Shortly after takeoff, the pilot of the Schweizer radioed that the throttle was unresponsive to his inputs, the NTSB said in its report. Despite being advised over the radio by experienced instructors on the ground, including an FAA-designated helicopter examiner, that he should perform a running landing instead of the other option, an autorotation, the pilot chose to cut the power and autorotate. An autorotation is a common maneuver practiced repeatedly in training in which the power is cut (or simulated being cut). The helicopter then comes down with the blades continue to turn under the power of the air rising through them as it descends. Only, that’s not how it worked in this case.
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The instructors on the ground advised the pilot, when he opted against their advice to do the autorotation, to not start the maneuver until he was over the runway. Instead, for reasons unknown, the pilot began the maneuver over a wooded area, according to the NTSB, between a quarter and a half mile away from the runway at less than a thousand feet agl. The result, the report found, was that the helicopter began to come down short of the runway into the wooded area and the pilot attempted to “extend the helicopter’s glide by increasing collective pitch, an action that resulted in a decay of rotor rpm and an uncontrolled descent.”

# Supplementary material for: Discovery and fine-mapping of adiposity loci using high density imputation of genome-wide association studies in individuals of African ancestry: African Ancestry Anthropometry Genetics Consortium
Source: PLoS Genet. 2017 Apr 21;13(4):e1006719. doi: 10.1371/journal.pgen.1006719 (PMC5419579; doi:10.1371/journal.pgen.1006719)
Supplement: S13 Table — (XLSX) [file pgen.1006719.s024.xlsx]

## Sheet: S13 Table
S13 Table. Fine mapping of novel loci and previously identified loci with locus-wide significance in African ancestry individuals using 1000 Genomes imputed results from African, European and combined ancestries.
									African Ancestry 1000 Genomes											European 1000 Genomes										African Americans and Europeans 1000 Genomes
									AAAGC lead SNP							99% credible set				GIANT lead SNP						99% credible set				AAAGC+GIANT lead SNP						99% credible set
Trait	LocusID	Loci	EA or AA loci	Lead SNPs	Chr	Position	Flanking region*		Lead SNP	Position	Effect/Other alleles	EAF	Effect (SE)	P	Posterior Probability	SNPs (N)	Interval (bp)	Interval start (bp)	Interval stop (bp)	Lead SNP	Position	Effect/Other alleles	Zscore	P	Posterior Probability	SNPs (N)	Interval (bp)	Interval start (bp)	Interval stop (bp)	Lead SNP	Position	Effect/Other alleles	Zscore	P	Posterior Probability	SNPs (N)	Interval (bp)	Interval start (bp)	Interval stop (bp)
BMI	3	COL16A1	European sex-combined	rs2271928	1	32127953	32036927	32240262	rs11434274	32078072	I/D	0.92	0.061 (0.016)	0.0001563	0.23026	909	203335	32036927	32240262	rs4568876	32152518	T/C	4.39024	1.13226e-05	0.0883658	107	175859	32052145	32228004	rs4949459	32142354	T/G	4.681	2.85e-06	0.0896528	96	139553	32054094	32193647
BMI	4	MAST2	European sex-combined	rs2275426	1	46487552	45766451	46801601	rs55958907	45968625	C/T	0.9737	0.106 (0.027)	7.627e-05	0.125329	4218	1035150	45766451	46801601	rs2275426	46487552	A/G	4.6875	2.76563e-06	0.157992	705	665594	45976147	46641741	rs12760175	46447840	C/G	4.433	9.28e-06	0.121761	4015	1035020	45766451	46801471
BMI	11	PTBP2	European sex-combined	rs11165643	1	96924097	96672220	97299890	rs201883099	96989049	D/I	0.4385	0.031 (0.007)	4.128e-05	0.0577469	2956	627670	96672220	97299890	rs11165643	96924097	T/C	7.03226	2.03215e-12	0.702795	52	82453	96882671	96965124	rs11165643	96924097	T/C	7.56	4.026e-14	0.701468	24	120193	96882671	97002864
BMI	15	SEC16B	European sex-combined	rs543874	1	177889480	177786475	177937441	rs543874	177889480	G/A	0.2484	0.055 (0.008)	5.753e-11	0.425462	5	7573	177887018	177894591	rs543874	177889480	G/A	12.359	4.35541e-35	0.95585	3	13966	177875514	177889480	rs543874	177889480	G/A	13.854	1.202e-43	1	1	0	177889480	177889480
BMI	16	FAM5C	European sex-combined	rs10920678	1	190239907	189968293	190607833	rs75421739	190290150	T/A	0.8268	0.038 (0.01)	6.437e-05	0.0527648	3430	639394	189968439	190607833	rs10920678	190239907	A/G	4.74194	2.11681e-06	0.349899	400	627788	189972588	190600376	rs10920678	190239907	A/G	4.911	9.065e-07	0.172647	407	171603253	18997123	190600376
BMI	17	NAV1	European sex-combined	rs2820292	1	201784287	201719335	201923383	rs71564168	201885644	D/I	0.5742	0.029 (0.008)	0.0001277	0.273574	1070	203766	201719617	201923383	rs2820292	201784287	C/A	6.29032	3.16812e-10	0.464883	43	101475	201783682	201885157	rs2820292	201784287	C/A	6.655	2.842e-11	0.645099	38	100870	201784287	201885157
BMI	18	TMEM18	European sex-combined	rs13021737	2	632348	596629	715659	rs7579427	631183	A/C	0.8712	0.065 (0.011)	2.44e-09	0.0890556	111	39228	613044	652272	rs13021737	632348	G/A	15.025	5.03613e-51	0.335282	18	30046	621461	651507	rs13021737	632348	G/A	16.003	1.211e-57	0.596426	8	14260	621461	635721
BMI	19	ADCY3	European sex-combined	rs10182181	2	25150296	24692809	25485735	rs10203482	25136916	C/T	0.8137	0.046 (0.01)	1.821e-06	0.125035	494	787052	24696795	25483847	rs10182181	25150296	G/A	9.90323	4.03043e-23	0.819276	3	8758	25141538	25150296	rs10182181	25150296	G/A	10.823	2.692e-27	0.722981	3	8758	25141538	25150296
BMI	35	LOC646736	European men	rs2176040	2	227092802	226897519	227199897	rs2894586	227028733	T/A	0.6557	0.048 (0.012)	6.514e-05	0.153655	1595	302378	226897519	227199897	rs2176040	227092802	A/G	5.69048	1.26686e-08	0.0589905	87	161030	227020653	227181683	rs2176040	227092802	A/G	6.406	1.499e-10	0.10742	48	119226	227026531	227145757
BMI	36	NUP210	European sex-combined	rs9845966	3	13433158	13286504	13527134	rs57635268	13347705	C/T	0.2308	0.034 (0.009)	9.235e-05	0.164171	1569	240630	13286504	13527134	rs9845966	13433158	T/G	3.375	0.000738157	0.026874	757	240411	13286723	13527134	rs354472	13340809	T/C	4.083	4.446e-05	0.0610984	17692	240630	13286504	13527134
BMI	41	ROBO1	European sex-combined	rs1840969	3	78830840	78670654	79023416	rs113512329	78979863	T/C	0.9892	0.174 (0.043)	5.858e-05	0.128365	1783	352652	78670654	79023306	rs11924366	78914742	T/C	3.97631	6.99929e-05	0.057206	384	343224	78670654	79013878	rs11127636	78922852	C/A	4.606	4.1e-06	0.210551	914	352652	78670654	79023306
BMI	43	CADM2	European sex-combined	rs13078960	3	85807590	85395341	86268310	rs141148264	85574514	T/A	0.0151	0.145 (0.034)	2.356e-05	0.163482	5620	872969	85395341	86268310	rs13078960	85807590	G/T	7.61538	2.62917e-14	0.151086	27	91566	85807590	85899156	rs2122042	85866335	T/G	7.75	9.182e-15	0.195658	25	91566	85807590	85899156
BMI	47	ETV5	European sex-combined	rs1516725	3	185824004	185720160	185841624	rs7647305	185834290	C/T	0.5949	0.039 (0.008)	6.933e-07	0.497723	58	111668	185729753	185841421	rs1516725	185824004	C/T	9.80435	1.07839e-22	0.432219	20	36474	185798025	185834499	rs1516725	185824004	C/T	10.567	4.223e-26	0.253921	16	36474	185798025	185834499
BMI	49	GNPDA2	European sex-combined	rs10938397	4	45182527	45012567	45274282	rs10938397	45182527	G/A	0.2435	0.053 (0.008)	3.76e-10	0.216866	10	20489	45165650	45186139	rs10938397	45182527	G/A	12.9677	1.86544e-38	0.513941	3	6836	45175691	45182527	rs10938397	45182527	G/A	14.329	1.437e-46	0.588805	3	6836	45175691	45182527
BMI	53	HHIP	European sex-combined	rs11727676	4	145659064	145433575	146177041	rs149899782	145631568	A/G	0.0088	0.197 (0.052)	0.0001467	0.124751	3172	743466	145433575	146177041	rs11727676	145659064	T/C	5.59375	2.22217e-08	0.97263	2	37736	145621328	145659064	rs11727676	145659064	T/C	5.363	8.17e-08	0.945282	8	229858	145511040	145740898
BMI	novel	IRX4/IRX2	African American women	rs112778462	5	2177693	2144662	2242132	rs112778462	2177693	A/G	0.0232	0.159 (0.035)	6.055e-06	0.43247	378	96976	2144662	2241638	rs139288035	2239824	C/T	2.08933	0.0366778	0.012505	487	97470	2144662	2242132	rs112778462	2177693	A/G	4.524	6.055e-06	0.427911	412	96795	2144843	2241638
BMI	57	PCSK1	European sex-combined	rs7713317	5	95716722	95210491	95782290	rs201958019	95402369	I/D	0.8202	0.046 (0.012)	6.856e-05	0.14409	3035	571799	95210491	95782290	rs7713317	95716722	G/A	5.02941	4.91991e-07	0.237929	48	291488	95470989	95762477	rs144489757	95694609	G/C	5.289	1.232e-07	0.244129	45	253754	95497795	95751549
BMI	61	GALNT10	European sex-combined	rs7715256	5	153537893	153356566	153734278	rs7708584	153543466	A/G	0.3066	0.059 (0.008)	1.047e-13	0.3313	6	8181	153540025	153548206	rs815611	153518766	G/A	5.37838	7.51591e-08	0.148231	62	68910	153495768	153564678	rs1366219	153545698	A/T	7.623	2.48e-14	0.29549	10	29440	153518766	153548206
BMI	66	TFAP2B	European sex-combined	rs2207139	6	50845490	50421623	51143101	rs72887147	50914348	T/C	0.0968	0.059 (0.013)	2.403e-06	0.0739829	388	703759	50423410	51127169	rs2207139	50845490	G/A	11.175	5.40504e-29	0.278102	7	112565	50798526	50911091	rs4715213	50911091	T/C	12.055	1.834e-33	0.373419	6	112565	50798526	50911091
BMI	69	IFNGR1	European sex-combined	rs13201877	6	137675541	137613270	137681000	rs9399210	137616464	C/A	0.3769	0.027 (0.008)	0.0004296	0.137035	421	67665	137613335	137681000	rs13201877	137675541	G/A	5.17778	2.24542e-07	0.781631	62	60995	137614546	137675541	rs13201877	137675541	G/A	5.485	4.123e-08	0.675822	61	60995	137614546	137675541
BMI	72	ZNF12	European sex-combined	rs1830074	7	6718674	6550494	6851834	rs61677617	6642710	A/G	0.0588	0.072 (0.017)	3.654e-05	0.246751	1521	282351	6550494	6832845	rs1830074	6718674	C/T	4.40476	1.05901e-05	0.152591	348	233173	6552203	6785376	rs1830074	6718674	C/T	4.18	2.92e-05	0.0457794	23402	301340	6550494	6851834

In its report the NTSB found that the probable cause(s) of the accident were:
The pilot’s early entry into and failure to maintain rotor rpm during a forced landing autorotation after performing an engine shutdown in flight, which resulted in an uncontrolled descent. Contributing to the accident was the failure of maintenance personnel to properly rig the throttle control tie-rod assembly, which resulted in an in-flight separation of the assembly and rendered control of engine rpm impossible.
Gentry was 50 years old.